5 In addition we support that SMEs are exempt from certain compliance obligations, such as record keeping obligations (Art. 28) as long as the processing does not involve high risks for individuals. For many small shops whose core activities do not involve the processing of personal data the prescriptive record keeping duties would add additional burdens and costs. We support a risk-based approach. This means that there should be varying levels of obligation based on the risk of the data processing undertaken by a particular business. We therefore support revising Article 28 as follows: 4. The obligations referred to in paragraphs 1 and 2a shall not apply to: (b) an enterprise or an organisation employing fewer than 250 persons unless the processing it carries out is likely to result in a high risk for the rights and freedoms of data subject such as discrimination, identity theft or fraud, unauthorized reversal of pseudonymisation, financial loss, damage to the reputation, loss of confidentiality of data protected by professional secrecy or any other economic or social disadvantage [The text in 4b has been revised by the Council we support Council s proposal.] Encouraging Corporate Responsibility We believe that the best data protection standards are set within the companies that build their robust privacy culture. We therefore support the idea that the Regulation encourages companies to do so even more by offering incentives and regulatory reliefs. In particular, the following measures were a big step forward in improving the overall level of data protection amongst our members: Appointing an independent and qualified DPO Implementing a code of conduct Undergoing external audits / certification We support the approach of promoting these measures by law. The following are particularly suited as possible incentives: Facilitating intra-group data transfers for internal or administrative purposes Providing regulatory reliefs for companies that have adopted codes of conduct Considering mitigating factors when imposing sanctions Doing away with registration and reporting requirements We remain fully at your disposal for any further information we can give you on this topic. 5

6 Comparative chart of the draft General Data Protection Regulation with the retail and wholesale sector recommendations Article number Commission s proposal EP s position Council s position Retail/wholesale recommendations 6 (a) the data subject has given consent to the processing of their personal data for one or more specific purposes; (a) the data subject has given (explicit) consent to the processing of their personal data for one or more specific purposes; 1. (a) the data subject has given unambiguous consent to the processing of their personal data for one or more specific purposes; 1. (a) the data subject has given unambiguous consent to the processing of their personal data for one or more specific purposes; 18 2aa. The right referred to in paragraph 2 shall not apply if disclosing personal data would infringe intellectual property rights in relation to the processing of those personal data. 22 3a. The controller shall have the right to transmit personal data inside the Union within the group of undertakings the controller is part of, where such processing is necessary for legitimate internal administrative purposes between connected business areas of the group of undertakings and an adequate level of data protection as well as the interests of the data subjects are safeguarded by internal data protection provisions or equivalent codes of conduct as referred to in Article 38. 2aa. The right referred to in paragraph 2 shall not apply, if disclosing personal data would infringe intellectual property rights or reveal trade secrets in relation to the processing of those personal data. 3a. The controller that appointed a data protection officer shall have the right to transmit personal data inside the EU within the group of undertakings the controller is part of, where such processing is necessary for legitimate internal administrative purposes between connected business areas of the group of undertakings and an adequate level of data protection as well as the interests of the data subjects are safeguarded by internal data protection provisions or equivalent codes of conduct as referred to in Article 38.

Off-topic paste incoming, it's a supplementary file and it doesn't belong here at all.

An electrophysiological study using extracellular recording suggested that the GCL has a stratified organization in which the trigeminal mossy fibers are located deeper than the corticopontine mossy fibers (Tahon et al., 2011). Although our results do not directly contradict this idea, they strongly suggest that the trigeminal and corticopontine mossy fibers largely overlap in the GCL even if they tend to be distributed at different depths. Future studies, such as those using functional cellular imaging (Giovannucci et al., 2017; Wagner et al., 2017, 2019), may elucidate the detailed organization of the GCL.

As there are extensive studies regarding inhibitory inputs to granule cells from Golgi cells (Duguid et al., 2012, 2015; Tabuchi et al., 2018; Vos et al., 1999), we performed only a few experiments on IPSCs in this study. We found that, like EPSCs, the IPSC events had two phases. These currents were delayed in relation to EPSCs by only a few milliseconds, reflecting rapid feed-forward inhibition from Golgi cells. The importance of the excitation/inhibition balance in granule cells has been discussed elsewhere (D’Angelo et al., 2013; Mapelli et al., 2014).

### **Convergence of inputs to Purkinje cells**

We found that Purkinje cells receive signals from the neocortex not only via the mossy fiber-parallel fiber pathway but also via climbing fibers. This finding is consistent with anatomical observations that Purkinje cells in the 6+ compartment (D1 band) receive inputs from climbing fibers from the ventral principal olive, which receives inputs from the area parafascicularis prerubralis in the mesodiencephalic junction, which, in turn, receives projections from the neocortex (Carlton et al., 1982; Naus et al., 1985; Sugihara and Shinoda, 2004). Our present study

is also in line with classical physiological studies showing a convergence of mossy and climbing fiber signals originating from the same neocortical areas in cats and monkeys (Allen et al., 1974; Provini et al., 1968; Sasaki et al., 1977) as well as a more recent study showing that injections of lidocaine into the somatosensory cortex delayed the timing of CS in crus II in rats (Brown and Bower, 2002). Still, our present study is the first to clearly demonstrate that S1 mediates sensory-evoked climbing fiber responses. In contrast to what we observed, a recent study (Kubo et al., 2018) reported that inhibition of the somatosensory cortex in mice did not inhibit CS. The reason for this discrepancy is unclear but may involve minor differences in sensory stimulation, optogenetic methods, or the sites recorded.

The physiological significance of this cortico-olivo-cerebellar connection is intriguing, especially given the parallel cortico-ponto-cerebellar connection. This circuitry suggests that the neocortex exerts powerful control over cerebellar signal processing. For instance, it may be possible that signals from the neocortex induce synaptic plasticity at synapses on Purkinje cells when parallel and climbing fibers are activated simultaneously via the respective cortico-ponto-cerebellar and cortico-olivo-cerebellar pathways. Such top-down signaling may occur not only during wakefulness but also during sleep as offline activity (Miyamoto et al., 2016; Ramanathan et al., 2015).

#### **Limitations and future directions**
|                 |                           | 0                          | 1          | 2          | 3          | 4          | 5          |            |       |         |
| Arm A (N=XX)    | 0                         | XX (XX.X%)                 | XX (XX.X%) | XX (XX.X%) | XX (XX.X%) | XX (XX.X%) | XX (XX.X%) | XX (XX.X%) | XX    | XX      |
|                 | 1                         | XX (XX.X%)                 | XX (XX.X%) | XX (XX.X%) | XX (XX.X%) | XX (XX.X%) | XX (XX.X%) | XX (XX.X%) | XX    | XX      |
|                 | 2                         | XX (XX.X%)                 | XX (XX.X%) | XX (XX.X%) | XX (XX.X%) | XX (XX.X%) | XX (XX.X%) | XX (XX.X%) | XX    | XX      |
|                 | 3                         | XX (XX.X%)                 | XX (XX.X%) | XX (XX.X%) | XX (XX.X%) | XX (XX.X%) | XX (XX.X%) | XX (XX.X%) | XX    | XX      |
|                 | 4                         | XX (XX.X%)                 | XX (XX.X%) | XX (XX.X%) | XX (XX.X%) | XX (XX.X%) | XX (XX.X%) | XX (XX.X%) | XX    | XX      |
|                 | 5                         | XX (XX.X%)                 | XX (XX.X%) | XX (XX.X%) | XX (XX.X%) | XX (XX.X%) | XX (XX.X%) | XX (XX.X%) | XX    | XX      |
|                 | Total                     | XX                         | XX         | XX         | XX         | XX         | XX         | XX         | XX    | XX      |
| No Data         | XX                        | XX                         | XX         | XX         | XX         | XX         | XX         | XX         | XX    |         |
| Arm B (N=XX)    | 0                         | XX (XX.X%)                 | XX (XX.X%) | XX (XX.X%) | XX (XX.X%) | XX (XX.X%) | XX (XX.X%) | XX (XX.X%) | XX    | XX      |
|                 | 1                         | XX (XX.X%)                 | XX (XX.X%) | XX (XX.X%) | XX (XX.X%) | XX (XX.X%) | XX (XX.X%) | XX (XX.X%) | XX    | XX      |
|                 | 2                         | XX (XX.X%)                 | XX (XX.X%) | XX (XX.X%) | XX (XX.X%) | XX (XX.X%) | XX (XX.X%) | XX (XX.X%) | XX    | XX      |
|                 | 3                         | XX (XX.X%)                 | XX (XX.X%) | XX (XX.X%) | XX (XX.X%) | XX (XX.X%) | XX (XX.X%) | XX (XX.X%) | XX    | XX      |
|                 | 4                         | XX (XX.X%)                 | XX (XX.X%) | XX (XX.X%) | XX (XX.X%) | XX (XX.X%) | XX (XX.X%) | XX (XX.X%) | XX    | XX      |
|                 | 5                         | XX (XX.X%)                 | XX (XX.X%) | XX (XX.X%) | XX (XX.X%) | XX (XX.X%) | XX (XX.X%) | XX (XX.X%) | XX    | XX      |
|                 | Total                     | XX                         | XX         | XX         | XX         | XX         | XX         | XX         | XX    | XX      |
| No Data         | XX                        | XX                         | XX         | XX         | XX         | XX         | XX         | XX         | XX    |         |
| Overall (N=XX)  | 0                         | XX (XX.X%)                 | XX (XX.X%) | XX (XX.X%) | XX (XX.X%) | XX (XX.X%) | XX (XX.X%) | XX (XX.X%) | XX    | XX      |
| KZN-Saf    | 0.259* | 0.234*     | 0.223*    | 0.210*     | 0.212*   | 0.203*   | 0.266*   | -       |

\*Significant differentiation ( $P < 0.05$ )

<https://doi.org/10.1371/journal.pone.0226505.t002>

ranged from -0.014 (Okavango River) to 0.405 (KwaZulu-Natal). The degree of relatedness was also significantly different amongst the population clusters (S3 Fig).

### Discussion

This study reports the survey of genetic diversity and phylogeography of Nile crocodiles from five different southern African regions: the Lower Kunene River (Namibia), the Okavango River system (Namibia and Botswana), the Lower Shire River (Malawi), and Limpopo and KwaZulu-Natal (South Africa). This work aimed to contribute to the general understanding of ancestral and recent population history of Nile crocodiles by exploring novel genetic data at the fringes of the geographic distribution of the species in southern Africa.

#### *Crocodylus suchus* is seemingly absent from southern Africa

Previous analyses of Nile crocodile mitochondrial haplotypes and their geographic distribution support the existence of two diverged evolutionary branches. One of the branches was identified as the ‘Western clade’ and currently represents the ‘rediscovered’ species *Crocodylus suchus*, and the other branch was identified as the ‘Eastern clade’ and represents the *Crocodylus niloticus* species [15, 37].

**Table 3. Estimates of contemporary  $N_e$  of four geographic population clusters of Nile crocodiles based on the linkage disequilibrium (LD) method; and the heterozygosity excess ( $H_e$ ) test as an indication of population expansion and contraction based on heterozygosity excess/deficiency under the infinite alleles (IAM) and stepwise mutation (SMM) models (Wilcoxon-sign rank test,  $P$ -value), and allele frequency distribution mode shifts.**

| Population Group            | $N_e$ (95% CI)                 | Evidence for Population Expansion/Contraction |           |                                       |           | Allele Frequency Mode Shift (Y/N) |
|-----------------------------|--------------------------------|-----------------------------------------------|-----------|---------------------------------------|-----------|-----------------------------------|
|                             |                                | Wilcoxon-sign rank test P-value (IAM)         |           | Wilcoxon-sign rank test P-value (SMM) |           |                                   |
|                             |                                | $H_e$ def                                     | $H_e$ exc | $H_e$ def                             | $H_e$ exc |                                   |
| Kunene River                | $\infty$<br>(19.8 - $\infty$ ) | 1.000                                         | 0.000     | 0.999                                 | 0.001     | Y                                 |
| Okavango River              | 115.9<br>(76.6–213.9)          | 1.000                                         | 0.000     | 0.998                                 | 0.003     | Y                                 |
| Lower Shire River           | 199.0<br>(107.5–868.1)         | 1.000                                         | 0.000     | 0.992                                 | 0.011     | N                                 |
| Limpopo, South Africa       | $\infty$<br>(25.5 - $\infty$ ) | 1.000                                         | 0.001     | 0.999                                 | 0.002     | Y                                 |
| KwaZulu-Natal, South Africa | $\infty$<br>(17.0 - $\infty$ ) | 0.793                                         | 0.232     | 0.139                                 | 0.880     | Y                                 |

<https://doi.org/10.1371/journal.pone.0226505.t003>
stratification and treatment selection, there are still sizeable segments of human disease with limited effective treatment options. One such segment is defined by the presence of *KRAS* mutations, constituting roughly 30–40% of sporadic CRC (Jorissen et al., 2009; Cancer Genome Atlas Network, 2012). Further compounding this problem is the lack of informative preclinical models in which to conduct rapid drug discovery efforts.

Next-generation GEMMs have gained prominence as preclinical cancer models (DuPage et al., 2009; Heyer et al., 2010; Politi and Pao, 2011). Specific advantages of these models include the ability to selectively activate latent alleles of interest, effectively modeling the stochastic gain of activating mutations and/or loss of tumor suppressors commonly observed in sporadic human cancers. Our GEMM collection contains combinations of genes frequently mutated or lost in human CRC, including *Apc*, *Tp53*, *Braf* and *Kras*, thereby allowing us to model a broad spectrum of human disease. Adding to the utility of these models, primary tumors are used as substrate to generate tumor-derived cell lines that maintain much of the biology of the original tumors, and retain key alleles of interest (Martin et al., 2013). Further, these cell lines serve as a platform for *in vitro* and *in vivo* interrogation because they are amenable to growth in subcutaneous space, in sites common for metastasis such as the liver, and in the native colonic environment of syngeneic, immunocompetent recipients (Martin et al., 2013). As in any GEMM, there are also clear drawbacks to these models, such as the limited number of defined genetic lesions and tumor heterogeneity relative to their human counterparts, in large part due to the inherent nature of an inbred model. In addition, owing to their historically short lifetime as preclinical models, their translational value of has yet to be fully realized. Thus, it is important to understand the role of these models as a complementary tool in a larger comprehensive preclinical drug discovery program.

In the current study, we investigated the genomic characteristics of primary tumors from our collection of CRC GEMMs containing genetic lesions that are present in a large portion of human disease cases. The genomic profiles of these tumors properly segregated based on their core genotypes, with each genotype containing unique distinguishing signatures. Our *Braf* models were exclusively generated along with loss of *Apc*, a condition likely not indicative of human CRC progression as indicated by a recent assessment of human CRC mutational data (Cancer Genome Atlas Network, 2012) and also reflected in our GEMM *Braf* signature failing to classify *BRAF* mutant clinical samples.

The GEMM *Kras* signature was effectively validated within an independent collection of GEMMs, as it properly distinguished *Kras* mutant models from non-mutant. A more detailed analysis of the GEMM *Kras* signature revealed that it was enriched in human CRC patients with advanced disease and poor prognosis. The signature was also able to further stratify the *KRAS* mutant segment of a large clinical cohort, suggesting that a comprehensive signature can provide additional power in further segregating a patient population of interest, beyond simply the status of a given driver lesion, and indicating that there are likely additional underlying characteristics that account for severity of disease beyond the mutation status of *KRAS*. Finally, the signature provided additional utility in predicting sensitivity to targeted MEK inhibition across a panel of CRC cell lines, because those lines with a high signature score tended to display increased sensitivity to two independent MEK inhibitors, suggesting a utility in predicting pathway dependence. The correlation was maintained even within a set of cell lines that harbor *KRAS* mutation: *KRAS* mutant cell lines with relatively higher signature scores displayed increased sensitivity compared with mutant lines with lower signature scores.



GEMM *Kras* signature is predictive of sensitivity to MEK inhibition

7 28 4. b) an enterprise or an organisation employing fewer than 250 persons that is processing personal data only as an activity ancillary to its main activities. 32a Deleted 4 (b) an enterprise or an organisation employing fewer than 250 persons that is unless the processing personal data only as an activity ancillary to its main activities it carries out is likely to result in a high risk for the rights and freedoms of data subject such as discrimination, identity theft or fraud, unauthorized reversal of pseudonymisation, financial loss, damage to the reputation, loss of confidentiality of data protected by professional secrecy or any other economic or social disadvantage Respect to Risk 1. The controller, or where applicable the processor, shall carry out a risk analysis of the potential impact of the intended data processing on the rights and freedoms of the data subjects, assessing whether its processing operations are likely to present specific risks 2. The following processing operations are likely to present specific risks: (a) processing of personal data relating to more than 5000 data subjects during any consecutive 12- month period; (b) processing of special categories of personal data as referred to in Article 9(1), location data or data on children or employees in large scale filing systems; (c) profiling on which measures are based that produce legal effects concerning the individual or 4 (b) an enterprise or an organisation employing fewer than 250 persons unless the processing it carries out is likely to result in a high risk for the rights and freedoms of data subject such as discrimination, identity theft or fraud, unauthorized reversal of pseudonymisation, financial loss, damage to the reputation, loss of confidentiality of data protected by professional secrecy or any other economic or social disadvantage. Deleted 7